1. Preheat oven to 375°F.

2. Rinse and peel squash. Cut off ends and discard. Cut squash at the neck, creating a narrow end and a round end. Cut round end in half and scoop out seeds with a spoon. Cut both ends into ¾-inch, even-sized cubes.

3. Coarsely chop walnuts. Set aside.

4. In a large bowl, add squash. Toss with oil, sage, salt, and ground black pepper.

5. Spread squash evenly on a baking sheet. Roast, stirring once until tender, about 35 minutes.

6. In a small skillet over medium heat, melt butter or heat oil. Add walnuts and cook until fragrant, about 2 minutes. Remove from heat. Stir in cranberries and maple syrup.

7. Gently toss cooked squash with cranberry mixture.


Winter squash. United States Department of Agriculture website. Updated November 8, 2017. Accessed November 9, 2017.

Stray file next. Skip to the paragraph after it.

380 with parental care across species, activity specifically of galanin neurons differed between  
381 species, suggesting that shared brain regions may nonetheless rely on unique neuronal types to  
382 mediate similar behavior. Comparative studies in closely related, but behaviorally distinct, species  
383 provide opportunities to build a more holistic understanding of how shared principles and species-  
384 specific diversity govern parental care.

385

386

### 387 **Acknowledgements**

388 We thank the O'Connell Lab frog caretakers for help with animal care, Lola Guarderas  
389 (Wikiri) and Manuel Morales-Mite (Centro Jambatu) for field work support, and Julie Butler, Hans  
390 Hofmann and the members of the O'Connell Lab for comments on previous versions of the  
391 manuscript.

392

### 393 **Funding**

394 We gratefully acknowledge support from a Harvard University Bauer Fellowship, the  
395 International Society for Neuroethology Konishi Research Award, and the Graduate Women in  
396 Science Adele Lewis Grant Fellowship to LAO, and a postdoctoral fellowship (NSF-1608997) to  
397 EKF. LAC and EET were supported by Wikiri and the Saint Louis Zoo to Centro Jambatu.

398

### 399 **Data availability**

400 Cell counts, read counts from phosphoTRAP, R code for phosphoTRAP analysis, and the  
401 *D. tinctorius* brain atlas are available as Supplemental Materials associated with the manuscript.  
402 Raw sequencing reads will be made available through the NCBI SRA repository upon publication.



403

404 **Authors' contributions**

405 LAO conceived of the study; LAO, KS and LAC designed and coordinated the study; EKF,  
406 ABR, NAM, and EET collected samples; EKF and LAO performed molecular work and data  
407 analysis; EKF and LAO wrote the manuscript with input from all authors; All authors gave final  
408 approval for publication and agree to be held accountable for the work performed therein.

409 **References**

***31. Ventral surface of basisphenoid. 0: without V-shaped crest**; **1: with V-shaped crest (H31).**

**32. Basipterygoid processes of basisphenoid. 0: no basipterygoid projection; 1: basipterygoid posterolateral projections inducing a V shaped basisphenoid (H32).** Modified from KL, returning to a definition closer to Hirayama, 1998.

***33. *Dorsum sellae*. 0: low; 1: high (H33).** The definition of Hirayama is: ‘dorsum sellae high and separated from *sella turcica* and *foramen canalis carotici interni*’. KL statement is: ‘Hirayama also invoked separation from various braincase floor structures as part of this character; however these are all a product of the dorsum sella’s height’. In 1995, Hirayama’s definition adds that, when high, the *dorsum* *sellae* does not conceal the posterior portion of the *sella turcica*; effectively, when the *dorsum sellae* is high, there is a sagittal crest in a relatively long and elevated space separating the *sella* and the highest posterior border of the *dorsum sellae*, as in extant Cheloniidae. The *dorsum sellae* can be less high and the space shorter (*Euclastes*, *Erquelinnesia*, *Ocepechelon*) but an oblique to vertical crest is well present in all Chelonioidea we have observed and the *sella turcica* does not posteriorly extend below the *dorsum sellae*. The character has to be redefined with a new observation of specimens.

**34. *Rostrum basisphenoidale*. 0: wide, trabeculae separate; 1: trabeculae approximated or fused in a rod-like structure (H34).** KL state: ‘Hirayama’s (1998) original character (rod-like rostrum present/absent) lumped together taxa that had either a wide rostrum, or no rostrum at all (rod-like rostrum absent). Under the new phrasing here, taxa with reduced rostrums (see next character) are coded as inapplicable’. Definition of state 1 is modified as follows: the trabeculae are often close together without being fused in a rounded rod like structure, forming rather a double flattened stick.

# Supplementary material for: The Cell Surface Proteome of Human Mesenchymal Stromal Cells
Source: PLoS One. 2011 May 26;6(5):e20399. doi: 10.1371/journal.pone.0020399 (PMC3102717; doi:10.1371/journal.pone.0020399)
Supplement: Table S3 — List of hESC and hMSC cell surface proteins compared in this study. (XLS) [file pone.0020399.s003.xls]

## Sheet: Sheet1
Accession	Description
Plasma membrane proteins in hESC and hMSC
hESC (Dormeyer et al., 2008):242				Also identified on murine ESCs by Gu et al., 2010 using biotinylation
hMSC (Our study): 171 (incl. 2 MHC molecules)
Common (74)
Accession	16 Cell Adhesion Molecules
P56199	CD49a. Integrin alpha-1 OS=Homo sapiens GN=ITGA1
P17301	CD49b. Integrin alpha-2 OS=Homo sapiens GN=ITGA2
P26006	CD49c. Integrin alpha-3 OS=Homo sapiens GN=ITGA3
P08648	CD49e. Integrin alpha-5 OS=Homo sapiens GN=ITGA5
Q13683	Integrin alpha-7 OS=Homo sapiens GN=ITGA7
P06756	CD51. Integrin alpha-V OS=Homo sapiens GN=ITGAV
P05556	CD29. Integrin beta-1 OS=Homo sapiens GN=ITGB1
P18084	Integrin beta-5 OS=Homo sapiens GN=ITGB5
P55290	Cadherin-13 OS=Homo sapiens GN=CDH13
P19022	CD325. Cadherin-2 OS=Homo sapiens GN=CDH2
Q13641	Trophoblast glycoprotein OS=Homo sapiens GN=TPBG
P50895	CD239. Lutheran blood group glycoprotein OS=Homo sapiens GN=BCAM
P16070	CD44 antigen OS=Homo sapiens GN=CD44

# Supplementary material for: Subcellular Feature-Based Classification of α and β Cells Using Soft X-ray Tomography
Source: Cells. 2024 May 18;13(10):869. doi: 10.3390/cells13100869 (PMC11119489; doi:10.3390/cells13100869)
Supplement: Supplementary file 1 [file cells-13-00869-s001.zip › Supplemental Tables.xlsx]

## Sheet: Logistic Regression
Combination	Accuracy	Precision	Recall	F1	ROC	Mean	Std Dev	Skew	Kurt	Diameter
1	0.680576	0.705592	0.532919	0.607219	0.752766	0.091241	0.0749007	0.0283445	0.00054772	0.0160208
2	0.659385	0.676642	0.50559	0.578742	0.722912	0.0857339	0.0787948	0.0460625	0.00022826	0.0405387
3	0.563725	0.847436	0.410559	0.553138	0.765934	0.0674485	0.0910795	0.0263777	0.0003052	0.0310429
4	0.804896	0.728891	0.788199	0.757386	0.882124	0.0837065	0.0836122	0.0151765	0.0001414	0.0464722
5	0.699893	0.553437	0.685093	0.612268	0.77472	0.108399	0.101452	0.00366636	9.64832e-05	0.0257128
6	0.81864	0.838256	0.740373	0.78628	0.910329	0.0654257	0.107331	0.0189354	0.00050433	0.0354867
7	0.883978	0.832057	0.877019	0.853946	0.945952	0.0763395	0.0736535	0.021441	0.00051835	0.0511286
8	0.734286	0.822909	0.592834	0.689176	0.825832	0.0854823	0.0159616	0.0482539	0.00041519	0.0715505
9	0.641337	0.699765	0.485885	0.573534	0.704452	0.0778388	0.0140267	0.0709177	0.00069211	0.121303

Swartzendruber K. Enjoy the taste and health benefits of winter squash. Michigan State University Extension website. Published September 24, 2012. Accessed November 9, 2017.

How to peel and cut a butternut squash. Gimme Some Oven website. Published November 29, 2016. Accessed November 9, 2017.

Lucarelli K. Holiday roasted butternut squash. Share Our Strength’s Cooking Matters website. Accessed November 9, 2017.

Annual produce & protein distribution: By the numbers

Onions and sweet potatoes line the racks of Foodlink’s distribution center in early November.

Each year, Foodlink provides a free holiday produce and protein distribution to about 100 local emergency food providers. Our warehouse is filling up with mountains of hearty, fall produce and we’re ready to start delivering orders. 

Here’s a breakdown of what we’ll be distributing throughout November and December to 110 pantries and soup kitchens in our service area:


  • 23,233 roaster chickens


  • 17,549 bags of apples
  • 18,055 bags of onions
  • 18,328 bags of potatoes
  • 13,840 bags of sweet potatoes
  • 1,825 cases of squash